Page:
I recently read an article on health care that included the phrase, “What gets measured gets managed.” It’s such a good quote and applies to so many aspects of medicine. For example, we now have an EMR that facilitates measurement.
CCO’s 2013 Cancer Risk Factors in Ontario estimates that 15 per cent of all new cancer cases are attributed to cigarette smoking. And of course smoking also causes other chronic diseases.
Do you know which patients in your practice smoke? Can you print a list of them easily? I used to input smoking status under risk factors (ie. non smoker or smoker 1 ppd), however it’s not searchable. I now use OSCAR and have started a smoking registry (code305) that is searchable. Where can you put smoking in your EMR so it is searchable? For Practice Solutions you can use the ‘Risk Factor’ module.
Besides ensuring that I try to address smoking at each and every visit, I am creating this registry for the future when I may be able to offer patients screening for lung cancer – the leading cause of cancer death for women and men, with an estimated 7,100 people having died of this disease in 2016.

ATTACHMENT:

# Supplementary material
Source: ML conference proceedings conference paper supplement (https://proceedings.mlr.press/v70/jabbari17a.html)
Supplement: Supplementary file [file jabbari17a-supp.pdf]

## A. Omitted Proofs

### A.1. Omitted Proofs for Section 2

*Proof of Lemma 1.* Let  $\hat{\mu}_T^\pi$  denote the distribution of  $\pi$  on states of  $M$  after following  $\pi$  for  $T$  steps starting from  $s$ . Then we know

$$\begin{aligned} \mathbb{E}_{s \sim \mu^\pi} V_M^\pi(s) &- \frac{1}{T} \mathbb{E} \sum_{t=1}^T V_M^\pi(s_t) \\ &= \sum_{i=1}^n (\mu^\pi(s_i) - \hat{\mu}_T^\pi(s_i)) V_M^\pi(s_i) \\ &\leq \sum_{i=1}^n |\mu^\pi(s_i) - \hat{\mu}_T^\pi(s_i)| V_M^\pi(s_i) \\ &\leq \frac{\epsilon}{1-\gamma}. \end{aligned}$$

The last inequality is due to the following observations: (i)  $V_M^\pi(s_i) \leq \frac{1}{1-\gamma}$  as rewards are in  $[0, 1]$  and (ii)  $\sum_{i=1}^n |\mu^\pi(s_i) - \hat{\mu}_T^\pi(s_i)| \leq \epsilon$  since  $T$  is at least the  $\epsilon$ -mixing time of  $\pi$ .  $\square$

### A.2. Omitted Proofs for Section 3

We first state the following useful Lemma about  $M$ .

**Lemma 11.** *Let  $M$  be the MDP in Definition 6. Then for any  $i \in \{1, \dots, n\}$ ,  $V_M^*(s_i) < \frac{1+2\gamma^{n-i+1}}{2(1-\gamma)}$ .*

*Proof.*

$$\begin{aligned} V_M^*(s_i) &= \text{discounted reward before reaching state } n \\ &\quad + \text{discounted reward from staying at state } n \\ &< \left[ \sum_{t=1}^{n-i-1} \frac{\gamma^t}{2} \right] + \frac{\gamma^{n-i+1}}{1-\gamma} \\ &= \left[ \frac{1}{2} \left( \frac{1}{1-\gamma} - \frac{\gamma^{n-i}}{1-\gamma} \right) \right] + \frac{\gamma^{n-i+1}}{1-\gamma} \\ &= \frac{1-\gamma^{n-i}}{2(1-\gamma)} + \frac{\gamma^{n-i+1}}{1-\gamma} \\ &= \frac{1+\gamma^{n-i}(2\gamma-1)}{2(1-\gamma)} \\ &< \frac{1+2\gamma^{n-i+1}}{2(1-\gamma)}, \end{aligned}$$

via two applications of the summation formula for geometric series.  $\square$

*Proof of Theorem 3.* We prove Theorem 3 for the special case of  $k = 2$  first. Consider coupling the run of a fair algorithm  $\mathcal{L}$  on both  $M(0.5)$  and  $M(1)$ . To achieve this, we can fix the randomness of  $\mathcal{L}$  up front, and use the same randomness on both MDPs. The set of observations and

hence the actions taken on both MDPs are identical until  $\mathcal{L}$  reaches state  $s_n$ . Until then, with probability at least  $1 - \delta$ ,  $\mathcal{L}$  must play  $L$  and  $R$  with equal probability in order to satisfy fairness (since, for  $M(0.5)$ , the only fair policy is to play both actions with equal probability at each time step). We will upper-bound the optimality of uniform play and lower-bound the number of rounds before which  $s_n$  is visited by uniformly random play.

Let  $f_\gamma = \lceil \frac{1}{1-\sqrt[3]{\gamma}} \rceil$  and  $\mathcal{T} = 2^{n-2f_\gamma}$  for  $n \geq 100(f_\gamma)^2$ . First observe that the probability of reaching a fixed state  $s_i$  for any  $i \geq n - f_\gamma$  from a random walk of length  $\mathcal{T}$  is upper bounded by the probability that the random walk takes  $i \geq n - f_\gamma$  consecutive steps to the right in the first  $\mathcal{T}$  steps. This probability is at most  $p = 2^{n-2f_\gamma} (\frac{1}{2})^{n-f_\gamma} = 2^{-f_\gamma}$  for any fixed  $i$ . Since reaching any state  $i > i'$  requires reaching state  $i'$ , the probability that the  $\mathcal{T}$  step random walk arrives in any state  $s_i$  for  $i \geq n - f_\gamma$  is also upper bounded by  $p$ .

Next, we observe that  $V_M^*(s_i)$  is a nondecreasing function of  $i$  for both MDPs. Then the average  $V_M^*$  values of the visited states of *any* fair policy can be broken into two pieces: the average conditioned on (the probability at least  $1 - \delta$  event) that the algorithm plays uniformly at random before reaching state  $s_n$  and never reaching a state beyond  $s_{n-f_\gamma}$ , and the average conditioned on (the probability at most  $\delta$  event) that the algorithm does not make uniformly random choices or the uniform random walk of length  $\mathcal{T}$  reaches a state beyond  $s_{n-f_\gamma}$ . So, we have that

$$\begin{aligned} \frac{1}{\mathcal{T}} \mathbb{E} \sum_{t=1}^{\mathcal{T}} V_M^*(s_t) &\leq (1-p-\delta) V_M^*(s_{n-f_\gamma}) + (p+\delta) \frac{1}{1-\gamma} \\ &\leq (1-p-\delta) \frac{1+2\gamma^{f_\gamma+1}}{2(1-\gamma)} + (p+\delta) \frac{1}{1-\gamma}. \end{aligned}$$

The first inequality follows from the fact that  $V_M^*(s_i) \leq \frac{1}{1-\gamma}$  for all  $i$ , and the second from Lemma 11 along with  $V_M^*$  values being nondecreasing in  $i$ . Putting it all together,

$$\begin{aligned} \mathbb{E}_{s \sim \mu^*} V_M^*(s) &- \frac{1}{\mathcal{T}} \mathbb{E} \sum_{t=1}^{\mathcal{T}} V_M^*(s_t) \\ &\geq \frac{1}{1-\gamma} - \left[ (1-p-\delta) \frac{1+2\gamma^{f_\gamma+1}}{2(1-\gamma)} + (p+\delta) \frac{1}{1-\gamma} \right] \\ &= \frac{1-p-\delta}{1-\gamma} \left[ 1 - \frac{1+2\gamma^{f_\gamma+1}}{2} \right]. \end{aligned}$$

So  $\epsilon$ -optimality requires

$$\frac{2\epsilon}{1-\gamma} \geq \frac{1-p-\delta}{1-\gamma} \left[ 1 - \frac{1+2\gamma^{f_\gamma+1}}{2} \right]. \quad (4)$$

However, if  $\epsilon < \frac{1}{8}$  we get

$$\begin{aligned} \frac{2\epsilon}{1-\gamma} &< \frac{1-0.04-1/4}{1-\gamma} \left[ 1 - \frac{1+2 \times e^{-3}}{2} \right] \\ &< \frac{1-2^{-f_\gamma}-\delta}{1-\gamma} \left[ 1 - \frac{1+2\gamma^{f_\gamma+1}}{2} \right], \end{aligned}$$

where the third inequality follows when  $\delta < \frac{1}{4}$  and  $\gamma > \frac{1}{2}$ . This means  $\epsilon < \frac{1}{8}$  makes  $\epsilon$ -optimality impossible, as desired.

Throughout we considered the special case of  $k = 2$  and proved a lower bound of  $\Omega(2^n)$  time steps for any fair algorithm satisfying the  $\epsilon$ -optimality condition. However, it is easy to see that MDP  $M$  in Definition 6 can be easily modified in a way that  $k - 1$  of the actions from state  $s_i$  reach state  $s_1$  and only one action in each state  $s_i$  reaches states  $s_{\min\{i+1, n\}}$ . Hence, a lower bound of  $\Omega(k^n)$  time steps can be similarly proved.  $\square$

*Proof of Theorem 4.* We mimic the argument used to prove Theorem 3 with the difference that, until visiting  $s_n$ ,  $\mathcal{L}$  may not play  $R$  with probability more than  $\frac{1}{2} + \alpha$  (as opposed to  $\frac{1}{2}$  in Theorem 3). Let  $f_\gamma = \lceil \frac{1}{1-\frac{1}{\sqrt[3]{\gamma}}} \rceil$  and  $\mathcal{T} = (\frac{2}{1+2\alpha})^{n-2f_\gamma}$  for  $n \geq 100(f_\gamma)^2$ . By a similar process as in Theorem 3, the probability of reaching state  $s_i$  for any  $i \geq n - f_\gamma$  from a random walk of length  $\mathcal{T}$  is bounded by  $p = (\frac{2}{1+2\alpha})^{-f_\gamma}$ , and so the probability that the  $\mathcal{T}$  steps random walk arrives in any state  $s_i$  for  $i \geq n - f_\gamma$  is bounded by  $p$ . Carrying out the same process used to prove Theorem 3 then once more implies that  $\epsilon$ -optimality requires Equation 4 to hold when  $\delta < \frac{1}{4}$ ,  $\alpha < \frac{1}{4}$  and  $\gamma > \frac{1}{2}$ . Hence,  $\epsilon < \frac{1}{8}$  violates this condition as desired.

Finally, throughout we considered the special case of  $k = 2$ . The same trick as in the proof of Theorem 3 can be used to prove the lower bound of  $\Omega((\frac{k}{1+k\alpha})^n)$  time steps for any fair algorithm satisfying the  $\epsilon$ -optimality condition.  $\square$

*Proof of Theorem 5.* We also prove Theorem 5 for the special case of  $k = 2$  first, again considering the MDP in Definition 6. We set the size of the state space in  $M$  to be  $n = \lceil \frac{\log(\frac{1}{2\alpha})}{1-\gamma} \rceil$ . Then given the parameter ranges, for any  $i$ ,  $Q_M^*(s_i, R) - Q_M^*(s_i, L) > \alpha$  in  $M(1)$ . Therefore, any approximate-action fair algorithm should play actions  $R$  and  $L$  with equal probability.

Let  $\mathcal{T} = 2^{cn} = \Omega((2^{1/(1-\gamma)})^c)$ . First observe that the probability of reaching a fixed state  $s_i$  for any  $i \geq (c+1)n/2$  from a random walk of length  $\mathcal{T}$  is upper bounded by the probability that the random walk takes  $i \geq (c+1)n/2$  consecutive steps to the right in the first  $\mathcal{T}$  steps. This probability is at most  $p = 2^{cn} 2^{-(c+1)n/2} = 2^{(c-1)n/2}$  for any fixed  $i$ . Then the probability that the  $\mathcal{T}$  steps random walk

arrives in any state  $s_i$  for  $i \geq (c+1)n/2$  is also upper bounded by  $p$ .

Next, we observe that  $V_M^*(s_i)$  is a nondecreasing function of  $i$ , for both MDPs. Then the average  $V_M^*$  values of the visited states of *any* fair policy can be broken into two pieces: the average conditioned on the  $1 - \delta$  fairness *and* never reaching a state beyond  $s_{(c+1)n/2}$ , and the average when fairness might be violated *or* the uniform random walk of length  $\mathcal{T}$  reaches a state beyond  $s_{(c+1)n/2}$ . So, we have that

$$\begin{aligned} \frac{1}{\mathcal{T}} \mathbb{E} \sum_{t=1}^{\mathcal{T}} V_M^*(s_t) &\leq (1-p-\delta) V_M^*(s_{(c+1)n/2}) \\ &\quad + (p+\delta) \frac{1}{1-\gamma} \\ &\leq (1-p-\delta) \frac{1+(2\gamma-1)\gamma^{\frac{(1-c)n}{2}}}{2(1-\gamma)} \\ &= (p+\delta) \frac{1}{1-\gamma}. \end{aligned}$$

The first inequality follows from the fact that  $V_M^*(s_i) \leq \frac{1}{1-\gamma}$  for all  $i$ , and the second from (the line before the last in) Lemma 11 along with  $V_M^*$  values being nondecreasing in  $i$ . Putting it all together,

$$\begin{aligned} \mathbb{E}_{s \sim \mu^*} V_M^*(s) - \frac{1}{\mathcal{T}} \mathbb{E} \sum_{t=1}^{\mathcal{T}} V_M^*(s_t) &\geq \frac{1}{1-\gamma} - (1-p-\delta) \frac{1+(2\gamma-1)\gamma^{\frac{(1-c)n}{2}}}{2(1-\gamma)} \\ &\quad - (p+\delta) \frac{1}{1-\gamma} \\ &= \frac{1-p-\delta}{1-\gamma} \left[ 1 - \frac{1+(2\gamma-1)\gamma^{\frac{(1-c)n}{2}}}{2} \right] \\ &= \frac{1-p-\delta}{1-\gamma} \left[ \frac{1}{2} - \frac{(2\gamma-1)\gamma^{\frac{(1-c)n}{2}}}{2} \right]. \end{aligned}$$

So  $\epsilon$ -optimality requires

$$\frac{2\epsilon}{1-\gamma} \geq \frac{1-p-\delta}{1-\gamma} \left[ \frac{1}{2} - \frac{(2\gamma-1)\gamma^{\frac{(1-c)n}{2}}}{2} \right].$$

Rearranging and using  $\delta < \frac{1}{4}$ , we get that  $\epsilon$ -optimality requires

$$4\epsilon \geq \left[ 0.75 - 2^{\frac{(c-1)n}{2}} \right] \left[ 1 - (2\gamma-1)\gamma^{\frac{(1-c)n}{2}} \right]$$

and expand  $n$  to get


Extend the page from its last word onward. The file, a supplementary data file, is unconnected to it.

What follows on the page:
There is good evidence that in an organized program, screening for lung cancer in smokers is effective. The number needed to screen using low dose CT to prevent one lung cancer death reported in the NLS Trial was 320. (National Lung Screening Trial Research Team. Reduced lung-cancer mortality with low-dose computed tomographic screening. NEJM 2011; 365(5):395-409.)
In order to determine how to best implement organized lung cancer screening in Ontario, there are three pilot sites. We do not have one in our LHIN and Cancer Care Ontario does not advise physicians to encourage patients to travel outside of their region to participate in the pilots. Also, lung cancer screening for people at high risk using low dose CT should only be conducted as part of an organized screening program.
For more information please see the CCO Lung Cancer Screening FAQ.
Meanwhile I will keep working away at smoking cessation. I refer patients to the Smoker’s Helpline. This free, confidential service operated by the Canadian Cancer Society offers support and information about quitting smoking and tobacco use.